Return to Index
Excess Noise: Bad for Your Mind and Body
Patrick and Nancy bought a seaside flat in Scotland. They were hoping for a peaceful retirement. Last year, builders began repair work on the ferry terminal across from their home. Unfortunately, the work could only be done at low tide.
"They would start at 10:00 p.m. and go on for 6 hours," recalls Patrick. "The next night, they would start an hour later. It would last another 6 hours. The noise was tremendous."
The workmen used old and noisy equipment. "It was stressful and we could not sleep," says Patrick. "Each night we would think, 'Is this going to start again tonight?'"
How Noise Affects You Mentally and Physically
It is worth shouting about unwanted noise. There are so many sources. It could be jack-hammering construction workers near your office. It could be your neighbor's 150-decibel sound system. Unwanted noise can lead to mental and physical suffering. In addition to hearing loss, excess noise has been linked to:
- Stress, anxiety, and depression
- Problems sleeping
- High blood pressure
- Heart disease
- Learning problems in children
Even if we do not pay attention to excess noise, it can be bad for us. It can make the body release more stress hormones.
How to Combat Toxic Noise
Here are some steps to deal with excessive noise:
- Workplace noise—If loud and lasting noise bothers you at work, speak up. Ask for a better working environment. See if you can move your workspace, if possible. If that does not work, try wearing ear plugs or using a noise reducing device. If all else fails, try to accept the work conditions or change jobs.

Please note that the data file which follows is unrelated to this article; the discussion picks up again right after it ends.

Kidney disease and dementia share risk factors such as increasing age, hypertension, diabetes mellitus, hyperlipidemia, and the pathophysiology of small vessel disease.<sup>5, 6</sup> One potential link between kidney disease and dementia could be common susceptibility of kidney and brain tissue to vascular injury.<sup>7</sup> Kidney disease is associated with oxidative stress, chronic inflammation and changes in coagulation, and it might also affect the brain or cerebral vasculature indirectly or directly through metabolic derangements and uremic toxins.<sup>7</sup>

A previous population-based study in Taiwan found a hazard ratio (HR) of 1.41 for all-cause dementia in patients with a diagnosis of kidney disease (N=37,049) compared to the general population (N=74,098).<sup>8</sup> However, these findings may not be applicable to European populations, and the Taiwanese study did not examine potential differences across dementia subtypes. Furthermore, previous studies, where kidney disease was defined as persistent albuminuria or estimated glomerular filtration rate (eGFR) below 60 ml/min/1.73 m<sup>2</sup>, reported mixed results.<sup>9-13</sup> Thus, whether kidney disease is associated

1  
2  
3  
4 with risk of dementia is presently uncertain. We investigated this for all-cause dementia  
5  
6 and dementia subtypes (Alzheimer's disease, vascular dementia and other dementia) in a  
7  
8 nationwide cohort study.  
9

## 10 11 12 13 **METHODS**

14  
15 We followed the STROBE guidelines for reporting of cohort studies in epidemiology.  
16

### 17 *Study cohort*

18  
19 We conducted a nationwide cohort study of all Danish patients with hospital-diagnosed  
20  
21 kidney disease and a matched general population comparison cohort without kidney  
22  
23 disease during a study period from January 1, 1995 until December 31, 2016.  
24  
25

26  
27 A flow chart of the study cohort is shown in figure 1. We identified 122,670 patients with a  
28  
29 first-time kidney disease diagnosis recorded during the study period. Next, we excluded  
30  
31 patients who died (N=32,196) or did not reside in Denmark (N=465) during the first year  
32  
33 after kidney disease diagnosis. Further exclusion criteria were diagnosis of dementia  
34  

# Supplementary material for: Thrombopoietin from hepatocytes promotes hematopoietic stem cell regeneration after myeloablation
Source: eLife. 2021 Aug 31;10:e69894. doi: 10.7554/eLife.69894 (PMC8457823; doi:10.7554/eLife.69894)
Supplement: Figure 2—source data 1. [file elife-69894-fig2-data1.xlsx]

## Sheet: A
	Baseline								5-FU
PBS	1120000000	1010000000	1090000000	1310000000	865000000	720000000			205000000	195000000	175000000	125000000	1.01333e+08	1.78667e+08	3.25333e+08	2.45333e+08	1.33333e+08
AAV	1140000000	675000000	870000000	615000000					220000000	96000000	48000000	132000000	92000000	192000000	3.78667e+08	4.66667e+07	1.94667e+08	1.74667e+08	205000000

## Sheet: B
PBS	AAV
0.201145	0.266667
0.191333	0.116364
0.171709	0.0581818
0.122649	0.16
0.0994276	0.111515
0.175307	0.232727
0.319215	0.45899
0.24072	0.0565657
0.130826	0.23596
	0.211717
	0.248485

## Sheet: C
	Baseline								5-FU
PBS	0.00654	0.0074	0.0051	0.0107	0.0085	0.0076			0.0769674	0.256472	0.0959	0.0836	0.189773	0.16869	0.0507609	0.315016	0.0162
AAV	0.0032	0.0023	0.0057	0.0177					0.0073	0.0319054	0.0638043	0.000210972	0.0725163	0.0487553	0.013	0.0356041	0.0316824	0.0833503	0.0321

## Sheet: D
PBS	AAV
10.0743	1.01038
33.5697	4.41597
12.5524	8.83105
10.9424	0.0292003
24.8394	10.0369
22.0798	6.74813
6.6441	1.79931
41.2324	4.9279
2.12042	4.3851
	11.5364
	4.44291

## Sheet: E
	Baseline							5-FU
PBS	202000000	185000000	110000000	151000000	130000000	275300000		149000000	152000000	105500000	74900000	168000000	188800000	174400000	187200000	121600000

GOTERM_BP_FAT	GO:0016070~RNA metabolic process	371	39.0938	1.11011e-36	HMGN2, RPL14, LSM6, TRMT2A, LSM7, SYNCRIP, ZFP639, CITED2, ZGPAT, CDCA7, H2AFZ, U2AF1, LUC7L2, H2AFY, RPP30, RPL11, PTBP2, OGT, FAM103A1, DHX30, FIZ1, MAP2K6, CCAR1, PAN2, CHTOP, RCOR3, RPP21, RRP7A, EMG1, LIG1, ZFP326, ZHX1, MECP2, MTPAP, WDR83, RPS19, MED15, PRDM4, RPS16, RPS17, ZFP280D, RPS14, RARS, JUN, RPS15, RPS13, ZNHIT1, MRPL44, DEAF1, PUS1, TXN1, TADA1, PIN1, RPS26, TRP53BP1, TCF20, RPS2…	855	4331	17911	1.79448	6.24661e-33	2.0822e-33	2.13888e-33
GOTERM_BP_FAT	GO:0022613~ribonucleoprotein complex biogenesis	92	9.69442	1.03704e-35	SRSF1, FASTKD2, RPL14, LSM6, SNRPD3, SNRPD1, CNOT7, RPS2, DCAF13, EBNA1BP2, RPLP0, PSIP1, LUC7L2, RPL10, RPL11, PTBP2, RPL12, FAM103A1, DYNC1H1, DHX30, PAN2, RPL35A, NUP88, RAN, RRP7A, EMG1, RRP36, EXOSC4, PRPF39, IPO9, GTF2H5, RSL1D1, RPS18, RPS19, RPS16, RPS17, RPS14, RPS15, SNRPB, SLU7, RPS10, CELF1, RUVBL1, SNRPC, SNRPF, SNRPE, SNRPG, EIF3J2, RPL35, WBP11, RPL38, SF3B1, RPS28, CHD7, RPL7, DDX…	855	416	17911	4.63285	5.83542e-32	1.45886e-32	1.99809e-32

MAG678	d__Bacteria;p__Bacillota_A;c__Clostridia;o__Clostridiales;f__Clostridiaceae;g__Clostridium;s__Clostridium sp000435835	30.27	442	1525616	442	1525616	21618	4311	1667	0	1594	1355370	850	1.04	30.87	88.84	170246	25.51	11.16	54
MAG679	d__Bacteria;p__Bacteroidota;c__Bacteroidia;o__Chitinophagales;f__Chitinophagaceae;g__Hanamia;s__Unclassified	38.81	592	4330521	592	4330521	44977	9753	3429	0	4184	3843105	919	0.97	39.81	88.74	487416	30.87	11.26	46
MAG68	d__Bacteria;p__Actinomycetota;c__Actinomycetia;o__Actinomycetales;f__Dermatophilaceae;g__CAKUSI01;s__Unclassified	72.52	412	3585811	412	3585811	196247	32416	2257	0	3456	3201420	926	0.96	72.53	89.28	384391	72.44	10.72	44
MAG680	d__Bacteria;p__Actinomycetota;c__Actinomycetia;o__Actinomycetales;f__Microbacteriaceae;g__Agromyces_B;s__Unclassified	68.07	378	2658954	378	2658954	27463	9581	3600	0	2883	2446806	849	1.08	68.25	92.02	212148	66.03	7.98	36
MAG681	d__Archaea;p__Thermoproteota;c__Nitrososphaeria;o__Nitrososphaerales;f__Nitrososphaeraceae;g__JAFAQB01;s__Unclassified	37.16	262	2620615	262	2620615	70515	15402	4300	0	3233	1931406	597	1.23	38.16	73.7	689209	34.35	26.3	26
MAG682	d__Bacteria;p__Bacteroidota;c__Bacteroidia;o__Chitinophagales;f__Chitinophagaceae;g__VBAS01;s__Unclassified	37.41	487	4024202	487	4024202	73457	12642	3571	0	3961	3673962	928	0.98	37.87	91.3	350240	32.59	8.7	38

- Neighborhood noise—If possible, move your bedroom or living room to the less noisy side of the house. Try double-paned windows. Even if you do not get complete silence, these actions give you a sense of control.
- Noisy neighbors—Most people do not like to confront neighbors. They fear that saying something about noise may make the problem worse. To take some control, consider politely speaking to your neighbor. You could also write a polite letter to let the person know that there is a problem.
- Legal action—If all else fails, you may need to take the legal action. Most cities have a department of environmental protection. They should deal with noise problems. They may come and measure the noise. If it is louder than allowed, they will issue a violation. If the problem is with a noisy neighbor, you may need to call the police.
American Psychological Association
Center for Hearing and Communication
Canadian Academy of Audiology
Barbaresco GQ, Reis AVP, et al. Effects of environmental noise pollution on perceived stress and cortisol levels in street vendors. J Toxicol Environ Health A. 2019;82(5):331-337.
Hyperacusis. EBSCO DynaMed website. Available at: https://www.dynamed.com/condition/hyperacusis. Accessed June 10, 2021.
Noise and hearing loss prevention. The National Institute for Occupational Safety and Health (NIOSH) website. Available at: https://www.cdc.gov/niosh/topics/noise. Accessed June 10, 2021.
Noise pollution. US Environmental Protection Agency website. Available at: https://www.epa.gov/clean-air-act-overview/clean-air-act-title-iv-noise-pollution. Accessed June 10, 2021.
Too loud for too long. Centers for Disease Control and Prevention website. Available at: https://www.cdc.gov/vitalsigns/hearingloss/index.html. Accessed June 10, 2021.